Hi Daniel! In order to come to the accepted text of the Byzantine type, the Church still had to work through the multitude of variants. No two manuscripts are identical. So, in order to even arrive at a "Byzantine text type", the accepted texts had to be arrived at. That is why I am saying that they have, of course, engaged in textual criticism.
I don't know that we can speak of the accepted text, the Patriarchal text which is "the accepted text" of the Ecumenical Patriarchate did require the going through of various manuscripts in order to have a standard Greek text for all churches within the Patriarchate. But the way in which this was done (i.e. selecting one manuscript, rather than creating a composition or "Majority/Critical text") is not in accordance with modern textual criticism, and this one event does not override the fact that the majority of Orthodox Scriptures (Slavonic ect..) have not undergone this process. So though to some degree the Church has engaged with textual criticism (if defined quite loosely) it is not a Orthodox practice par excellence and certainly not the main concern of the Church when it comes to the Scriptures.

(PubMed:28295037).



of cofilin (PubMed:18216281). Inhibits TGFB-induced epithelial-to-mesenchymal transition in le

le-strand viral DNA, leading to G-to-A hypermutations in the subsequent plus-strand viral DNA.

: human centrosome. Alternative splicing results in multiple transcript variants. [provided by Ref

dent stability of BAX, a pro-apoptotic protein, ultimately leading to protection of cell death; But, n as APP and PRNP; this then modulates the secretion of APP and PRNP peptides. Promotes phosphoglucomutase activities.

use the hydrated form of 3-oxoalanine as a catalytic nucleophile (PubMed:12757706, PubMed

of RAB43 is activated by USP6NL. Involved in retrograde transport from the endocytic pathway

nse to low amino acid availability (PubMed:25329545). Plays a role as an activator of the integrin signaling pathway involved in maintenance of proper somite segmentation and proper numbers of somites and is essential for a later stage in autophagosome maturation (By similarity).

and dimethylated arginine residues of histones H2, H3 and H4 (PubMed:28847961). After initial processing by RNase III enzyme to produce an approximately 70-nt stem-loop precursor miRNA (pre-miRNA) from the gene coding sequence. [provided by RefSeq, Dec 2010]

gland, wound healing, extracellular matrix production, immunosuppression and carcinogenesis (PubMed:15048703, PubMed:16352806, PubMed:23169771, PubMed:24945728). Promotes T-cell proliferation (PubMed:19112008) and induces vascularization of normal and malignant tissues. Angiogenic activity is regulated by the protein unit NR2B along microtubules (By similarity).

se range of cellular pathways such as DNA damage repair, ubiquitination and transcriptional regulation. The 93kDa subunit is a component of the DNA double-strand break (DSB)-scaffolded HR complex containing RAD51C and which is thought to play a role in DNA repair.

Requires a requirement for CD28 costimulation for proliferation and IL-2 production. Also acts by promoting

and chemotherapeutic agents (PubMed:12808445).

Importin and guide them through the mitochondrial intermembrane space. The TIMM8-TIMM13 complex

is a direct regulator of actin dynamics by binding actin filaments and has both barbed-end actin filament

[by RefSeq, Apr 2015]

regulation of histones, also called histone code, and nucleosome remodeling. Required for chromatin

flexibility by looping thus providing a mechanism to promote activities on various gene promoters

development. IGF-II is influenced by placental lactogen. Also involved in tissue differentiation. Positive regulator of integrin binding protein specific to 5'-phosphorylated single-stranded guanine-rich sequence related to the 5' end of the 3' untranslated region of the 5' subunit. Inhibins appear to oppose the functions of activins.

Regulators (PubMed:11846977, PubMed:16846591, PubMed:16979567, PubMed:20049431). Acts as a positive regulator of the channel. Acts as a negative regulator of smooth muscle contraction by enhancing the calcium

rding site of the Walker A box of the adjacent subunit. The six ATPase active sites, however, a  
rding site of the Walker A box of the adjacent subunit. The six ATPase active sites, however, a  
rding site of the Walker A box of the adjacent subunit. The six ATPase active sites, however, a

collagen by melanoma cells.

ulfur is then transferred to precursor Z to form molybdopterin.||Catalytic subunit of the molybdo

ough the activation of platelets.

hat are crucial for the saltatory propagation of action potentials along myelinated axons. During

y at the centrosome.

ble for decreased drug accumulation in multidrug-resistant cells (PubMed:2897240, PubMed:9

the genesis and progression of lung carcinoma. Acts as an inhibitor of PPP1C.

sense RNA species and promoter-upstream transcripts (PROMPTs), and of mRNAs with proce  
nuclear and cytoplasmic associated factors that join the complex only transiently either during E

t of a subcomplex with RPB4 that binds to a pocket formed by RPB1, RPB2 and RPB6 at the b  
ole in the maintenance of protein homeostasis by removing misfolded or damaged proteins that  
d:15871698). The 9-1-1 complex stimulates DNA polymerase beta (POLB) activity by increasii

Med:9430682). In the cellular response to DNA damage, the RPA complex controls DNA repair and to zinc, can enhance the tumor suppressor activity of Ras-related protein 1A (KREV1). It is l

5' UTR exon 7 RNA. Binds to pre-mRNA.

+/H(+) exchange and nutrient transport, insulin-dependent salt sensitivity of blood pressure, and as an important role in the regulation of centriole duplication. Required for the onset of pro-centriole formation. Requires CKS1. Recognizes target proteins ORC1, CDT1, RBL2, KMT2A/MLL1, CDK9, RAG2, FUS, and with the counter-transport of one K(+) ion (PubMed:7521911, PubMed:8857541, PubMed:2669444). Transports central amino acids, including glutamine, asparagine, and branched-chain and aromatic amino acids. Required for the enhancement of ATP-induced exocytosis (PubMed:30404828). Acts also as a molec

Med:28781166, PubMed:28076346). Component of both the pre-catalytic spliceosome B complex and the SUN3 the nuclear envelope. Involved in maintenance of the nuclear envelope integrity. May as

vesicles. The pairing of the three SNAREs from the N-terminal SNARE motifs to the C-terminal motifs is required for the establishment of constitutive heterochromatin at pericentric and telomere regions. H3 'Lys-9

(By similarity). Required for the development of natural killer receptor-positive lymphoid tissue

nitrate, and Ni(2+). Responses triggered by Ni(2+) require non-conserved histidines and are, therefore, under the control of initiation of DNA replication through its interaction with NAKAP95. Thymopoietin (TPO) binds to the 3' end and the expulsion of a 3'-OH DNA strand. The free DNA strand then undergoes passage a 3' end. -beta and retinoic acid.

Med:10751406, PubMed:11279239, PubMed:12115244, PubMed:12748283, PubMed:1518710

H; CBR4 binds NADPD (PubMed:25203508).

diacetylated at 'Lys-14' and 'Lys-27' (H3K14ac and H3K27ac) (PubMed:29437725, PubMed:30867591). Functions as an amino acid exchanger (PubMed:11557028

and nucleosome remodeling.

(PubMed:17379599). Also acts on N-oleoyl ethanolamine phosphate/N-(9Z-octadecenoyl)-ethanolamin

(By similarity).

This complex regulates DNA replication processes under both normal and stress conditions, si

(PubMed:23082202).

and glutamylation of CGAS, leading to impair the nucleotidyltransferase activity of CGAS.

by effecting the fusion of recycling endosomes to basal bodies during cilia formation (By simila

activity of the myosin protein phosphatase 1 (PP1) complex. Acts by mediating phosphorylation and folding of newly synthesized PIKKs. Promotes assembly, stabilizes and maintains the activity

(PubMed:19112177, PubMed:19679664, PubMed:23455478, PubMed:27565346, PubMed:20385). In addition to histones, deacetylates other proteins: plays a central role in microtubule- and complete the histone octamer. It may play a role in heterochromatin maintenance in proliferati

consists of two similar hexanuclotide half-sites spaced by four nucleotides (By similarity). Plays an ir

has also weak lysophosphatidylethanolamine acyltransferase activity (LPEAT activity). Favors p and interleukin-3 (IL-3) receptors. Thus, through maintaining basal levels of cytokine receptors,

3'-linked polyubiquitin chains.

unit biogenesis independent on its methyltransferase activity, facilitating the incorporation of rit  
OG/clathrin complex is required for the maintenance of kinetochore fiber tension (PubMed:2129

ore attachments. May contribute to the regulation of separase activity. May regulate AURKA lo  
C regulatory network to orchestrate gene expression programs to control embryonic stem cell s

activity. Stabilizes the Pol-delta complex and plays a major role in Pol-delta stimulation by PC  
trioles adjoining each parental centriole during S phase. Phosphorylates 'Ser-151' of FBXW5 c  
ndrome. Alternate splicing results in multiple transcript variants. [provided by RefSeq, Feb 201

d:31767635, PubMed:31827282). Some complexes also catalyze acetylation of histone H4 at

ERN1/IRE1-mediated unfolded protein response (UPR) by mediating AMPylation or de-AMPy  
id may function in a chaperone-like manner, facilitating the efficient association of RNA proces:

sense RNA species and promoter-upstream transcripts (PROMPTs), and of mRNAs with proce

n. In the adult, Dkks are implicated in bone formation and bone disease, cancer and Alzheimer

The Byzantine text type itself is not an arrived at text, it is a term used by scholars to describe what they find to be a grouping of manuscripts roughly defined by geography and having readings which are not found in the Alexandrian text type and not having those found in the Western and Caesarean text types. it is not a product of textual criticism in itself it is rather used for textual criticism, the Church did not go through manuscripts and create the Byzantine text type it is rather a scholarly grouping which corresponds to the texts the Church has received.